Are you interested in laser eye surgery but not sure if you are a suitable candidate or have doubts about the risks and side effects? Here is a general guideline about laser eye surgery to help you with your decision.


Am I A Good Candidate?

  • Are you over the age of 18?
  • Is your prescription stable?
  • Is your cornea thick enough?
  • Are your eyes in good health?

If you can answer yes to these questions you are likely a good candidate for laser eye surgery!

What are the risks or side effects?

Just like all surgical procedures, there are risks. However, when performed by an experienced surgeon, the risk of complications is quite low.

The most common risks and side effects are:

  • Undercorrection or overcorrection: occurs when the refractive error was not fully corrected or corrected more than intended. Both cases can lead to blurry vision but can be fixed by an enhancement procedure.
  • Corneal haze: a clouding of the cornea during the healing process and may cause blurry vision. Corneal haze eventually disappears on its own but may take months or years.
  • Dry eye: eyes may be dry for the first few months after surgery.
  • Irritation and sensitivity to bright lights: both are extremely common after surgery and typically lasts for a few days but subsides as the eyes heal.

If you are unsure about any of these questions, please visit us for an eye exam and we can address further questions or concerns about your suitability.

Did you know that up to 80% of a child’s learning comes from vision? If your child can read the board from the back of the room, that’s great, but it does not translate to seeing what’s written on the board and processing it properly.

As a child grows up, their brain and eyes work together to develop their binocular vision skills. For example, saccades or “jumping” is an important visual skill for reading. Jumping is being able to quickly move your eyes from one object to the next and when one reads, they usually read one to three words at a time before moving on to the next set of words.

The eyes and brain must work together to process information that is given to us. For example, if a child has difficulty seeing two similar letters (p and q, d and b) they may have visual discrimination issues. If a child is constantly bumping into things or has difficulty colouring within the lines, they may have visual-motor integration issues. This all means that the eyes and the brain are not working together properly to perform these tasks.

When should you be concerned? If you notice your child losing their place when reading, seeing double or having an extremely short attention span, there may be a visual skills or processing problem. In comprehensive eye exams, up to 50% of these vision related problems are missed just because the exams tend to focus on other ocular diseases.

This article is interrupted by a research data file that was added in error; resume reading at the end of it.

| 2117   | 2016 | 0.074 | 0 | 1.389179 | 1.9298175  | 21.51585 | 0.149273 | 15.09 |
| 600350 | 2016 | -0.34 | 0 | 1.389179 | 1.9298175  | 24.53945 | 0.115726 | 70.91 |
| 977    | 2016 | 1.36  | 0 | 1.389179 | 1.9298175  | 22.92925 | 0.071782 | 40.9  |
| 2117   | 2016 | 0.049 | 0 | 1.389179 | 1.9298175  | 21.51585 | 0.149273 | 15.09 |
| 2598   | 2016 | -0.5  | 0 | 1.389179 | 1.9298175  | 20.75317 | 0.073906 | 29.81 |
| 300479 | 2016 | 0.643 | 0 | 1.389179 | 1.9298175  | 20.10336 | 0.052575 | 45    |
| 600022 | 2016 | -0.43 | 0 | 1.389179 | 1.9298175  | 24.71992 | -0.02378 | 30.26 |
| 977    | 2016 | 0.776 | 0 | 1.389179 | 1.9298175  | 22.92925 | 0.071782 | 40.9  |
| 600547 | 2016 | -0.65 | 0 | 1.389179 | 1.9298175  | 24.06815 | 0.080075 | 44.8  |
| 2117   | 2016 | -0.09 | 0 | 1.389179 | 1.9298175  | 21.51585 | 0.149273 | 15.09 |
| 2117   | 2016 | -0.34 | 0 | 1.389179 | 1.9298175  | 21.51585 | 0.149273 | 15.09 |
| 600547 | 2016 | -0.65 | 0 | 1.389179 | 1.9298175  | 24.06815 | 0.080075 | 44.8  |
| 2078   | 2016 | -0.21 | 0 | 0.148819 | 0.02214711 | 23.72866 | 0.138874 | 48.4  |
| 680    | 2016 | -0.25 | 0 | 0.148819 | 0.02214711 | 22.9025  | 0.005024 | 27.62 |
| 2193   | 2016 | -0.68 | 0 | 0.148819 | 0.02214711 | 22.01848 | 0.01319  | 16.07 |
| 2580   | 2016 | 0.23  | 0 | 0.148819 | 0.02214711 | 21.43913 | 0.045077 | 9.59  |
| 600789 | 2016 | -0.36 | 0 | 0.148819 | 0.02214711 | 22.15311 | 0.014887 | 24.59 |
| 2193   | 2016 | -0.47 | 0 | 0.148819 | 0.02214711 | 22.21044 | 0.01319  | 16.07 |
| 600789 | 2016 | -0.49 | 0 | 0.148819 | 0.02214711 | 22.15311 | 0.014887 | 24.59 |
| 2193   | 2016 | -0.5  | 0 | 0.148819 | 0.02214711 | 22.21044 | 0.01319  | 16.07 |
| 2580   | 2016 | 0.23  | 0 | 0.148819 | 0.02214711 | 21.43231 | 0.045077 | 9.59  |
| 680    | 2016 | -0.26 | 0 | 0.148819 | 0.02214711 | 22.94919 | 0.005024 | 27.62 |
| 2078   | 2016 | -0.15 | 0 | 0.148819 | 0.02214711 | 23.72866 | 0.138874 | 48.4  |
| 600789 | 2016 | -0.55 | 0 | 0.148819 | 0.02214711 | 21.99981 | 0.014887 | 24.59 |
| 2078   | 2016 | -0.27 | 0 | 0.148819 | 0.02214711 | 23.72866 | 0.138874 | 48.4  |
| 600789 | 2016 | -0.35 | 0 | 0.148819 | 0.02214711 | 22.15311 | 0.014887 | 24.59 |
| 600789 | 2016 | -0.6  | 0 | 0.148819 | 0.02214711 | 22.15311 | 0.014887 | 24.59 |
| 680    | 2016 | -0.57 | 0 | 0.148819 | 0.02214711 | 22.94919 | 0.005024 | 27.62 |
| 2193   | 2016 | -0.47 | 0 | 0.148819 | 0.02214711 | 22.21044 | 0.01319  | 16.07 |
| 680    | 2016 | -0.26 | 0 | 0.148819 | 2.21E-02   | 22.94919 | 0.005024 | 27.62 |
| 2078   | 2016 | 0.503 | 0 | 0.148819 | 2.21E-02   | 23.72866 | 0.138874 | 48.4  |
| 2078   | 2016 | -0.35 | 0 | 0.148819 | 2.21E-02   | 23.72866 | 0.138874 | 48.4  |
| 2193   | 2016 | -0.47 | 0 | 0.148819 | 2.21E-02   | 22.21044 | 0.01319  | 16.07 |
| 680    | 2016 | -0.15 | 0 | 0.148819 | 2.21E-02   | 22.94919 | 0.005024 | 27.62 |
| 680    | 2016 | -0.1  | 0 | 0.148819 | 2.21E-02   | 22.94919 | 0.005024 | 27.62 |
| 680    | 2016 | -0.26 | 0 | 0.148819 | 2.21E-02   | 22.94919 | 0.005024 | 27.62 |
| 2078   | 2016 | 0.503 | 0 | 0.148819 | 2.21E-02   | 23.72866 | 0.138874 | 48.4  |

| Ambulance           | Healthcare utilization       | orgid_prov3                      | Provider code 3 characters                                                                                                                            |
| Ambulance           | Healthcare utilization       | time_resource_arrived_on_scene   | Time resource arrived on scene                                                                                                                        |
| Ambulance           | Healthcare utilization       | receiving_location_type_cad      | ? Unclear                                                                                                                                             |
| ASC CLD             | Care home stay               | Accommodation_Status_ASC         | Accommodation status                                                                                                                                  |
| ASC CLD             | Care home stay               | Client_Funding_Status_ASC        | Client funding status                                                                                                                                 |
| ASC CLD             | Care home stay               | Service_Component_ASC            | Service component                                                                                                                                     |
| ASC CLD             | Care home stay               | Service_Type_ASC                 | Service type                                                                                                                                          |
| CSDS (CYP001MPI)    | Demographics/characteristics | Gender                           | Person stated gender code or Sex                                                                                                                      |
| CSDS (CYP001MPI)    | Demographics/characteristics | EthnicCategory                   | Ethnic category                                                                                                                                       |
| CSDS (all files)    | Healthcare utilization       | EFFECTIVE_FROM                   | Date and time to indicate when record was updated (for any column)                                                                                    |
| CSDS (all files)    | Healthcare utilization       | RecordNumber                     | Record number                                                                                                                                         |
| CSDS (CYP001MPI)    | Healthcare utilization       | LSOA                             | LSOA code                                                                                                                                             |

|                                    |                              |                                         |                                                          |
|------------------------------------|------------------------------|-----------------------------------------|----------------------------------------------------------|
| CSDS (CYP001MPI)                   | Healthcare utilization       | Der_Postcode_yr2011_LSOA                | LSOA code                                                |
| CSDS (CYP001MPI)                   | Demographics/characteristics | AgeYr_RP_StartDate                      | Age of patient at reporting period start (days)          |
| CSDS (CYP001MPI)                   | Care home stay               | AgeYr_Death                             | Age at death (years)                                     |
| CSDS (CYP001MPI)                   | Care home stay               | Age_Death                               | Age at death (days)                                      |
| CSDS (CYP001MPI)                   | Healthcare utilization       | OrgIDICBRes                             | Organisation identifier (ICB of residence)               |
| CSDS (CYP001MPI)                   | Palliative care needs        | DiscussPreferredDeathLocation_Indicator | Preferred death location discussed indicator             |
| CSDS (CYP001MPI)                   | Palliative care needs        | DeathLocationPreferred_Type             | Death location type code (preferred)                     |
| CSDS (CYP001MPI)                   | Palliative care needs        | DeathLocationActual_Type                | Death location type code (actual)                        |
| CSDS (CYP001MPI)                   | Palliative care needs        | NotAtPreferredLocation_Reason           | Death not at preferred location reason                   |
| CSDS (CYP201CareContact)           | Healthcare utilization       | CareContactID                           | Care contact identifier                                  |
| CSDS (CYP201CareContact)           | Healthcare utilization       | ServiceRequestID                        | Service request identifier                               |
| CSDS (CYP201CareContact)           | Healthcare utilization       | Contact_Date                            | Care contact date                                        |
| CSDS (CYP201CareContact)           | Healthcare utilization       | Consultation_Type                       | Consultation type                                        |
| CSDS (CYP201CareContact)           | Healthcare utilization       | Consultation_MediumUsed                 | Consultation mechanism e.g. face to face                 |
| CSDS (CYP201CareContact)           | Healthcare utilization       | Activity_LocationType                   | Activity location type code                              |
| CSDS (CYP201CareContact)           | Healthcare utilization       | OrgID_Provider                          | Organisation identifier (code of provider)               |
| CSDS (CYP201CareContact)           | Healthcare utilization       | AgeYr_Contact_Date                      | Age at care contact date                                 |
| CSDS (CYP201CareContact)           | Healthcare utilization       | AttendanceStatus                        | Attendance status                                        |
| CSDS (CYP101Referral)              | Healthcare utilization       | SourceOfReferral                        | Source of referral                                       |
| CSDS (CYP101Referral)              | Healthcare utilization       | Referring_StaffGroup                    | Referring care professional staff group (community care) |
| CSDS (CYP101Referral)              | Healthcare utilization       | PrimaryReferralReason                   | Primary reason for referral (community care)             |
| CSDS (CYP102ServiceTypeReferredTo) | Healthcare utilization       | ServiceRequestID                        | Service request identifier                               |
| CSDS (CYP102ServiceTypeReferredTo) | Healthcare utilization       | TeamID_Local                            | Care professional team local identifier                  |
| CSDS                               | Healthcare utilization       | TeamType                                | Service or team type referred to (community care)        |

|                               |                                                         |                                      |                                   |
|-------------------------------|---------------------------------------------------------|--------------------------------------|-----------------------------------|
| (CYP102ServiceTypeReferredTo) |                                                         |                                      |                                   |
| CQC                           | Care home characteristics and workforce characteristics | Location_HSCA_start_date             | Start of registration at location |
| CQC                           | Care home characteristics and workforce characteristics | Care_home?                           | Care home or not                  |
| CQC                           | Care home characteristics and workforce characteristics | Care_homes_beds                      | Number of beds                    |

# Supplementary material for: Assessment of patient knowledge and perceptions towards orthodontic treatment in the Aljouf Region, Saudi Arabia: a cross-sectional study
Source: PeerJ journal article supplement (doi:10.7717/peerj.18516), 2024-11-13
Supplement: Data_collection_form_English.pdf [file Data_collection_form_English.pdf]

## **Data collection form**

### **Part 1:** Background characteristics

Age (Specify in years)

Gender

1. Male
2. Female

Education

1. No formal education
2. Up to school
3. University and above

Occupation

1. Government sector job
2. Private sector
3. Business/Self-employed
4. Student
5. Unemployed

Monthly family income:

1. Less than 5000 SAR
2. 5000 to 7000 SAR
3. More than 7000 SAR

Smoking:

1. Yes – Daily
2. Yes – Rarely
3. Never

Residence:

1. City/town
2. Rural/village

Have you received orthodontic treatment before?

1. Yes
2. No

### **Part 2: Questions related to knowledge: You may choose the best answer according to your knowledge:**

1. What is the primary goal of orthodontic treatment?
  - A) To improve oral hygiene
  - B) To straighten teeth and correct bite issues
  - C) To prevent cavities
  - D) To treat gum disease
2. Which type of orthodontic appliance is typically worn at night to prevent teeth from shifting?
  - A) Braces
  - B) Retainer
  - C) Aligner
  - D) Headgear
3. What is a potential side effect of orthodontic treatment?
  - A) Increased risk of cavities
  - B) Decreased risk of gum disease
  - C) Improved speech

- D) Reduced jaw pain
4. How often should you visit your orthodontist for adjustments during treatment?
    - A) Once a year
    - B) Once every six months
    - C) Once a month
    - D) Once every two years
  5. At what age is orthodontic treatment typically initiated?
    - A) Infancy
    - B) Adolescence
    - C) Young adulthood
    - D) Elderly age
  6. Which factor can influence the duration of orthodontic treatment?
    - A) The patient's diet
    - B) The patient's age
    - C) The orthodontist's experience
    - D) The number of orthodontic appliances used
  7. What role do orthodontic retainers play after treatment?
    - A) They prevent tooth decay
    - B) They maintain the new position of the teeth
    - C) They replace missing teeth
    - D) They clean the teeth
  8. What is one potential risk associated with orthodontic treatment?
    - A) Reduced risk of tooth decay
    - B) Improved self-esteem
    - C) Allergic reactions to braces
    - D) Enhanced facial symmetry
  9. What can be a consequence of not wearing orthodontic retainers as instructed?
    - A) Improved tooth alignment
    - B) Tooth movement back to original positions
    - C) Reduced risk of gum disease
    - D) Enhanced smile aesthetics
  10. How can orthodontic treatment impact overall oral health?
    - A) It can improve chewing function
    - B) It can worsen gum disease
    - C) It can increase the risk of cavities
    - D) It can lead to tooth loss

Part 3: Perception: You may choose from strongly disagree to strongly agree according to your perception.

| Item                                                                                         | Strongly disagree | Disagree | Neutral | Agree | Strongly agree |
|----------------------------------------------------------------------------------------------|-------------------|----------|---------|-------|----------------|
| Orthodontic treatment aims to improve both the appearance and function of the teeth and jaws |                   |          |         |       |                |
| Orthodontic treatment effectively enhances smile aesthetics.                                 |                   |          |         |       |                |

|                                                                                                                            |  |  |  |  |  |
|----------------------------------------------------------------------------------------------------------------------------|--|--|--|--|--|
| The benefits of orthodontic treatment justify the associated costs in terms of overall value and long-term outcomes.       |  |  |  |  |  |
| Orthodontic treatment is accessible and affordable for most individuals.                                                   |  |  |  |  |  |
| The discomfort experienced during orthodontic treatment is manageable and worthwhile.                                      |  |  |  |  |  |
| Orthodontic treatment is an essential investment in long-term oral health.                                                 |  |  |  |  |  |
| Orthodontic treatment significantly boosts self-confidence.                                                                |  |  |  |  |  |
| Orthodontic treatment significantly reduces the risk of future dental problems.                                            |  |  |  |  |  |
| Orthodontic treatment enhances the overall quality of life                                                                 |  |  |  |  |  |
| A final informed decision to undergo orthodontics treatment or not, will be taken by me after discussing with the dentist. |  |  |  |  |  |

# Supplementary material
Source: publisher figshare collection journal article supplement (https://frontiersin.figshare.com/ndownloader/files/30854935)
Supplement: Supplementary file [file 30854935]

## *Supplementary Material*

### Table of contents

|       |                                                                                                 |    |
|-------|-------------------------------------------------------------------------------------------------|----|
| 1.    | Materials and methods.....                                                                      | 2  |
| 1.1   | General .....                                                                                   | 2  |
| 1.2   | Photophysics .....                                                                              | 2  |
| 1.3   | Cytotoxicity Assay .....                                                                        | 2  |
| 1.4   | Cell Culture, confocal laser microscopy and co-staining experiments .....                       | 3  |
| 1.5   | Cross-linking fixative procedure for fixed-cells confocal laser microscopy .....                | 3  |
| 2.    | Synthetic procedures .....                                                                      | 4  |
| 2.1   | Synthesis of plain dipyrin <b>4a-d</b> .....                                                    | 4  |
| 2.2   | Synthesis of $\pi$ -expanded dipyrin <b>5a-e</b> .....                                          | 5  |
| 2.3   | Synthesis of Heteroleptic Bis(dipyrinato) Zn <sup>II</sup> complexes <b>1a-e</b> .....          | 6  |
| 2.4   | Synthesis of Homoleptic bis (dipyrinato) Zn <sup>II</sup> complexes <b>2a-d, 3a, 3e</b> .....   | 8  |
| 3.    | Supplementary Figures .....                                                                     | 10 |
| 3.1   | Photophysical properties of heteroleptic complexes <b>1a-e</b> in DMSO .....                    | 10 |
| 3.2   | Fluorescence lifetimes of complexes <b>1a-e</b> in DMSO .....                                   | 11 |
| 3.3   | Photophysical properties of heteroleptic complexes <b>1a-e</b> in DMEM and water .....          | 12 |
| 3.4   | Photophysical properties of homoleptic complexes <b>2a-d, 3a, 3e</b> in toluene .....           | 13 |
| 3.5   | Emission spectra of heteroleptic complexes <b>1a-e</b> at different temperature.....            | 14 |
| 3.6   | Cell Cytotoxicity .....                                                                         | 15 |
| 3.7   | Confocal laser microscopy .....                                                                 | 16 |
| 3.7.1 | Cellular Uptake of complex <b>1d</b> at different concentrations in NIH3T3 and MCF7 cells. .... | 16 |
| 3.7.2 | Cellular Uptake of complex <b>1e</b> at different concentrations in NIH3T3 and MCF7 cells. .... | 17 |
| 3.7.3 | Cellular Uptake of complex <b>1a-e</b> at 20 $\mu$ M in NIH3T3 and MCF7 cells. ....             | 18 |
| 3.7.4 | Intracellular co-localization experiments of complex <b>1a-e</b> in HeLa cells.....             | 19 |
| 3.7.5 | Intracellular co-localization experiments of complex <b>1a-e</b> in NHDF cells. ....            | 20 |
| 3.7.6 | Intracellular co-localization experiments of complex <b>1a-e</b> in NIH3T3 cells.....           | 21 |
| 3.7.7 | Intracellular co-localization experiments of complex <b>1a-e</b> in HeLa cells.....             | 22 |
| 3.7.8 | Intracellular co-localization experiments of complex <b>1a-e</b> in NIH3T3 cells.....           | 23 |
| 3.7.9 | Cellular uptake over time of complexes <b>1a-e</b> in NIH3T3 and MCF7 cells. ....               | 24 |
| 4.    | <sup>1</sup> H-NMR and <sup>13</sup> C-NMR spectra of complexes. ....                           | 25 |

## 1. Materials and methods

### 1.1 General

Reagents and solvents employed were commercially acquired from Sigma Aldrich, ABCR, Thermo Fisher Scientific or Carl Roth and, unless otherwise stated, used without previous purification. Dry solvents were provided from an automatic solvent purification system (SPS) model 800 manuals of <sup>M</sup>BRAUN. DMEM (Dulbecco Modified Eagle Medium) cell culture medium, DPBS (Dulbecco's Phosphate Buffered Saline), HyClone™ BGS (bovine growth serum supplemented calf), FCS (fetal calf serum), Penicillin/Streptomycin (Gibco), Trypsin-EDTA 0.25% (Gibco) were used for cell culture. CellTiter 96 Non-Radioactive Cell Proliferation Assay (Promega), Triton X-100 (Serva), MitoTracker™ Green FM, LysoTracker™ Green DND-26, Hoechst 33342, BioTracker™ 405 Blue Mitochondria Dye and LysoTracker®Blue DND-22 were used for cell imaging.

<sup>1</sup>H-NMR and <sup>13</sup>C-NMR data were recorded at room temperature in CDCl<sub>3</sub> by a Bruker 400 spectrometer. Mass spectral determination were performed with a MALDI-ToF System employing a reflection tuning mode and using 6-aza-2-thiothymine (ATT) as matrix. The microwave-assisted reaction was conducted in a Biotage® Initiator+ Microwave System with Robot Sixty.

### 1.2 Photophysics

At Eyelab, we perform Functional Vision Assessments and Developmental Vision Analyses that will test these skills that are not usually assessed in regular eye exams. After testing, you are given a comprehensive report of what tests were performed and the results from each test. The report will also include recommendations on how your child can improve his/her visual deficiencies. Vision therapy may be recommended to improve on any of the deficient visual skills.

Most parents always inquire tips on how to help their children with their screen time. Here are a couple of recommendations we always share with our patients.

  1. Spend 2 hours a day outdoors (Studies have shown it can slow down the initiation of myopia progression)
  2. Spend less than 1 hour of screen time per day if it is not related to school work.
  3. Proper lighting. Make sure your room eliminates any glare from external sources such as the windows.
  4. Blink! We usually blink about 15 times a minute. When we are performing a near task, we blink about 3 times a minute which can cause dry eye/irritation to our eyes.
  5. Monitor placement. Make sure your computer is 15-20 degrees below eye level and your computer is approximately 40-75cm away
  6. Avoid reading or using a cell phone in bed.
  7. Practice the 20/20/20 rule. 20 minutes close up work, 20 seconds break and look at an object at least 20 feet away.

If you are worried about your child’s vision or eye health, please book an appointment with us.

We can help!

Photo by bady abbas on Unsplash

Of the many patients that have visited me with their main complaint being about a burning sensation in their eyes or their eyes feel very dry, most of them typically have clogged oil glands. A portion of my patients have been previously misdiagnosed with blepharitis when it was actually Demodex. What is Demodex? It is a mite that resides in the eyelashes’ hair follicles which causes itchiness, scaling of the eyelids, irritation and recurrent styes.

How did I get them?